The conflict between the environmentalist and the industry perspectives is in part based on conceptions of how natural items ought to be commodified. Industry is operating under a market-economy paradigm where something with no economic value can have its existence changed, and ought to have its existence changed, to become a resource (that is, to become economically valuable) the moment it is demanded by someone with sufficient money to pay for it. This is in direct conflict with the environmentalist perspective, which values the environment intrinsically, not merely instrumentally, as is the case with industry. It is likely that environmentalists believe that there should be some additional, morally based step, such as a powerful steward of the environment or an alternative economic system, between a natural thing existing in-itself apart from economic value and existing as a resource. Some things could become resources, while other things could never be considered as a resource. Hence the conflict in values stems from differing beliefs in the way nature ought to be commodified, if at all; this is a disagreement on the mechanisms of the economy.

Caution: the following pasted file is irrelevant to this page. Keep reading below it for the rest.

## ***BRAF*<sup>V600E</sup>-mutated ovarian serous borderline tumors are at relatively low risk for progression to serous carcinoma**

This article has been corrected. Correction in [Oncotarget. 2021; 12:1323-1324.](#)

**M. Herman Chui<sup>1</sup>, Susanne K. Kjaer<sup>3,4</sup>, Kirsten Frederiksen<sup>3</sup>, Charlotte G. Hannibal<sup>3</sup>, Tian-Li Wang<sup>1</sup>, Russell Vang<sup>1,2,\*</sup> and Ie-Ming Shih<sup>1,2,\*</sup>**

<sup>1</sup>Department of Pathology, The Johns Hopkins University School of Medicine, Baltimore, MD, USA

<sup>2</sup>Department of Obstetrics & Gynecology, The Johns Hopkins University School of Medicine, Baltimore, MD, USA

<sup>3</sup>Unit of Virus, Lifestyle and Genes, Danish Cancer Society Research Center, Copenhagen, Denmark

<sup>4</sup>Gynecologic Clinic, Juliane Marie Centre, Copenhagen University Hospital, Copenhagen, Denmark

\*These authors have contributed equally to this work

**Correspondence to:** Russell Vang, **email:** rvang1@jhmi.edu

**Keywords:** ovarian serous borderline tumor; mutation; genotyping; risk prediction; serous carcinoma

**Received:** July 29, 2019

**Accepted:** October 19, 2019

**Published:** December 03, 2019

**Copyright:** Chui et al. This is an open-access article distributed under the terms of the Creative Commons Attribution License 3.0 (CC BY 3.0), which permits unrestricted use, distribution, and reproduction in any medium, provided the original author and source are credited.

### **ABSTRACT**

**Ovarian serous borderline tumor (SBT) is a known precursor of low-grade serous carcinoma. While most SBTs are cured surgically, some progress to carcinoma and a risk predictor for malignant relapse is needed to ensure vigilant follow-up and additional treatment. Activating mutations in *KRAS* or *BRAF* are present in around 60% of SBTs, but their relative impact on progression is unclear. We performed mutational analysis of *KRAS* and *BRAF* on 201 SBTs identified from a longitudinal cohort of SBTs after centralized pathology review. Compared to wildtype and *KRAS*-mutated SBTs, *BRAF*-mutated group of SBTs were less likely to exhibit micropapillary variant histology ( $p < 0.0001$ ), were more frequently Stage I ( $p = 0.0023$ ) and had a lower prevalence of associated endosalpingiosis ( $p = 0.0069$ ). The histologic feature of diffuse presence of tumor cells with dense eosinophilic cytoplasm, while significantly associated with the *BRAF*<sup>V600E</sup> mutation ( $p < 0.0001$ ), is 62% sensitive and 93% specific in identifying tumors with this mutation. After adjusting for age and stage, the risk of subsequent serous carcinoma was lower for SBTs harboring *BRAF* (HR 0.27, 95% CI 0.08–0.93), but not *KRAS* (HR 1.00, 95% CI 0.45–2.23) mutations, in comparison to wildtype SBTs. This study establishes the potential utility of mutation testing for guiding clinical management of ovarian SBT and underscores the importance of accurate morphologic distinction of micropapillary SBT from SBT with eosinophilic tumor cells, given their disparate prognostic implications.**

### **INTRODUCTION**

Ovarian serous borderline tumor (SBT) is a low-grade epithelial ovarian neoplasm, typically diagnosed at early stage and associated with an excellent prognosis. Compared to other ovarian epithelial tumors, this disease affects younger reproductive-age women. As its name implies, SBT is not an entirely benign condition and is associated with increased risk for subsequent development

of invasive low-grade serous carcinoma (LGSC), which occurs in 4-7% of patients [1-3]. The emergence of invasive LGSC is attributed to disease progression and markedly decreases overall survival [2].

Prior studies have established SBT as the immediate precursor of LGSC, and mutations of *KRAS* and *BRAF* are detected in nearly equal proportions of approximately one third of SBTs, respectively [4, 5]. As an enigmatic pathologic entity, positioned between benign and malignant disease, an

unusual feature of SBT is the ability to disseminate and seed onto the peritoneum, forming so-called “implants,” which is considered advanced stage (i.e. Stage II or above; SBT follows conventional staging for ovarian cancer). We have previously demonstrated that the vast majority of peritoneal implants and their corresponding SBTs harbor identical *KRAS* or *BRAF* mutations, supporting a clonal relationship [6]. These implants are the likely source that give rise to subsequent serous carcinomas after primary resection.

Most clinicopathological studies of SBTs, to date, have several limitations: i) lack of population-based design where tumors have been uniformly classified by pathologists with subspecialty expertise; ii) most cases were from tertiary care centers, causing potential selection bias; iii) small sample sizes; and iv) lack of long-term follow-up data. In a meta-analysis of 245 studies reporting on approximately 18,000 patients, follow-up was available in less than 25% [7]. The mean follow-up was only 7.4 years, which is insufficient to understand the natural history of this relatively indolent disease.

Contrasting the Nuu-Chah-Nulth to the industry perspective, it becomes apparent that the direction of focus is starkly different. That is, industry operates within a typical Western progress narrative where growth is that which is good. Hence the future is that which is aimed towards; technology and innovations will improve life. In contrast, the highest good exists in the past from a Nuu-Chah-Nulth perspective. A traditional First Nations person is, in a way, aiming toward the ideal past to ensure a good future, a concept which is foreign to people who hold strongly the dominant Western paradigm. For the two groups, that which is good exists in different time (past and future) and space (the land supporting local First Nations communities versus supplying a global economy). Hence perspectives are focused in opposite directions, which could make mutual understanding difficult.